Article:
Charismatic, witty, attractive and smart, she became a sort of folk hero when the Republican oafs in the legislature tried to muzzle her for saying “vagina,” after which she ran for Oakland County clerk, and knocked off the GOP incumbent.

Meanwhile, under the radar, new Democratic Party Chair Lon Johnson has been carefully crafting the closest thing possible to a scientific campaign, one that reminds me of Aaron Sorkin's Moneyball, in which a major league franchise without much cash manages to assemble a winning team anyway.

Johnson first managed to get the party to avoid expensive and divisive primary battles for governor and senator.

Next, he has been crunching numbers and reviewing strategies to boost turnout. About five million Michiganders vote in presidential elections. Eight years ago, in a good Democratic year, off-year turnout was 3.8 million.

Four years ago, however, it was a mere 3.2 million — and Republicans won a historic landslide. Johnson knows political numbers like baseball fanatics know batting averages.

He figures if he can get this year’s turnout close to 3.5 million, Snyder is toast. The odds say they can’t do that.

But exceptions occur. Most polls now show Snyder and Schauer within a few points of each other, usually with the governor slightly ahead. What’s remarkable, however, is that they also show most voters have no idea who Mark Schauer is.

Nearly half the state finds not being Rick Snyder is reason enough to vote for anybody. If the Democratic candidate can project the personality he displayed at Cobo, this could be a very interesting election.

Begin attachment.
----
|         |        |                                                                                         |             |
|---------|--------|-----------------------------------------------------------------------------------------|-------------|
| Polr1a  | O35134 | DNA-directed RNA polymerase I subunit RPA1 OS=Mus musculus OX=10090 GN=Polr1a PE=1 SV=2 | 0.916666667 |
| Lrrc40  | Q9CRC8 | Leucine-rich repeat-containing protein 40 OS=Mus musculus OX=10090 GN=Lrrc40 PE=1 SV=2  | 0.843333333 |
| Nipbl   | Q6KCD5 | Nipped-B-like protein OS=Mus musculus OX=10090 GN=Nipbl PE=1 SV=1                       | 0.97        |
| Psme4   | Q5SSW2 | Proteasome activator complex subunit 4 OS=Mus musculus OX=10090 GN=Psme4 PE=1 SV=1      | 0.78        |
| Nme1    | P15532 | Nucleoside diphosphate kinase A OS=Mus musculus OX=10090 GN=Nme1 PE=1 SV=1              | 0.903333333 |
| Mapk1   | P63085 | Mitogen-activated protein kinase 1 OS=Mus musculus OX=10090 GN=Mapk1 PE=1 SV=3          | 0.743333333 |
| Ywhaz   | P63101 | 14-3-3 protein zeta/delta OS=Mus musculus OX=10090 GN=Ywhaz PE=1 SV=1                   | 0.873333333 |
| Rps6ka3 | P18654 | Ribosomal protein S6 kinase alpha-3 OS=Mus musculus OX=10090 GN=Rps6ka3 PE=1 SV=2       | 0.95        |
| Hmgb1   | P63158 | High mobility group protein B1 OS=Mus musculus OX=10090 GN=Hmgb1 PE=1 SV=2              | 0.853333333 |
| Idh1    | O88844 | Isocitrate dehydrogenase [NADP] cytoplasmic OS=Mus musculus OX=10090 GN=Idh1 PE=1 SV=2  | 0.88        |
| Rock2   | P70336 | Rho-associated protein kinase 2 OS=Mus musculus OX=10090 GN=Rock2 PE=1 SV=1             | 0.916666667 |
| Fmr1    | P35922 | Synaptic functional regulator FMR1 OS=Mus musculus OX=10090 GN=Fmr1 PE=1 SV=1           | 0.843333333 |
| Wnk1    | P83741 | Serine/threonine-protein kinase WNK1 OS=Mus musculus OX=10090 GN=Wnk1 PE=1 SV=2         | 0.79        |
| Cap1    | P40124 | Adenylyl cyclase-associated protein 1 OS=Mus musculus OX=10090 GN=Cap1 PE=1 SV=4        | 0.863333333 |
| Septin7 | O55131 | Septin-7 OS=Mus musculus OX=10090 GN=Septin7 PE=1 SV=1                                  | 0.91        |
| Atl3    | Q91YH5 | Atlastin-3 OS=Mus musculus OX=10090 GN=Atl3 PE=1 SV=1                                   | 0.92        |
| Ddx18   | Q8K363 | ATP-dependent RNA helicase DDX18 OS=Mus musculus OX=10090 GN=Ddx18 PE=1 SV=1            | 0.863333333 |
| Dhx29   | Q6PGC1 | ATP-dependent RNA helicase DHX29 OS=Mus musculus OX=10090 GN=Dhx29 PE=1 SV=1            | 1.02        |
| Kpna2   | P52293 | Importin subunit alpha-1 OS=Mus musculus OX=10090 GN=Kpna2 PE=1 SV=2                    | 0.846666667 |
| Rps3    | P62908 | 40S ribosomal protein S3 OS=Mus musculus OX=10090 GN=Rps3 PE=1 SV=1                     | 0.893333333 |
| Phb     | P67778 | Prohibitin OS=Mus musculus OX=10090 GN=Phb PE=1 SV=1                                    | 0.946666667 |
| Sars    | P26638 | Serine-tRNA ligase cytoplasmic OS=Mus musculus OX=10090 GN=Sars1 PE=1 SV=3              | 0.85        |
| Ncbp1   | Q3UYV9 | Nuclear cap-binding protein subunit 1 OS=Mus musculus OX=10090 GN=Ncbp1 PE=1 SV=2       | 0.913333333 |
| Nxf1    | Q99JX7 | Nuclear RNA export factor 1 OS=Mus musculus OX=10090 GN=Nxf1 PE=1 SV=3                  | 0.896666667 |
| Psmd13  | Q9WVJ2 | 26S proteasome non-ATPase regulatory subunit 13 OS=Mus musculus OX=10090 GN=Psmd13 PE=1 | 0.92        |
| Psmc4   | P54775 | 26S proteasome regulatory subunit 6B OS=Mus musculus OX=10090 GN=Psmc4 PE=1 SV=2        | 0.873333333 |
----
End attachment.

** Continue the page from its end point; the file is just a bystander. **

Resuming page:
THE AFFIRMATIVE ACTION DILEMMA

Not surprisingly, the U.S. Supreme Court ruled last week that Michigan’s constitutional amendment outlawing the use of affirmative action in college admissions was perfectly constitutional.

The vote wasn’t even close. This sparked cheers from the likes of Jennifer Gratz, a white woman from Southgate who has made a career out of her resentment at not getting admitted to the University of Michigan. Meanwhile, there was dismay and outrage from those who believe this is a tool we need if we’re ever going to make America a truly equal opportunity society.

What was clear to me, however, was that many on both sides hadn’t really read the opinion. In fact, Justice Anthony Kennedy went out of his way to write that “the consideration of race in admissions is permissible,” but that the voters could also decide not to do so, which is what they did in Michigan in 2004.

This should make everyone wonder whether the high court might do the same thing when they get around to ruling on same-sex marriage. Might they say Michigan voters were also well within their rights to ban gay marriage in 2006?

We won’t know for a while. But I’m surprised more people weren’t astonished and appalled by what recycled sports columnist Mitch Albom wrote about Brooke Kimbrough, a 17-year-old black Detroiter who has been indignantly protesting her failure to get admitted to the University of Michigan.

Frankly, her test scores and grades weren’t all that great. When she failed to get in, Kimbrough began luridly and absurdly using lynching metaphors to describe her disappointment.

Hey, she’s a teenager. Albom, however, felt called upon to call her up and offer this helpful advice: “If she really wants to change things, she can create a two-parent, high-standards home for her own children,” and push them to do better.

How insightful of him! Mitch, a childless white guy in his 50s, also felt the need to tell readers that Brooke has a sister who “still lives in (her mother’s) house with a newborn.” 

Tsk-tsk. The morals of those people! 

What I can’t figure out is why Mitch didn’t quote Booker T. Washington and tell Brooke to forget this intellectual stuff and learn a useful trade. Or maybe play basketball.

More by Jack Lessenberry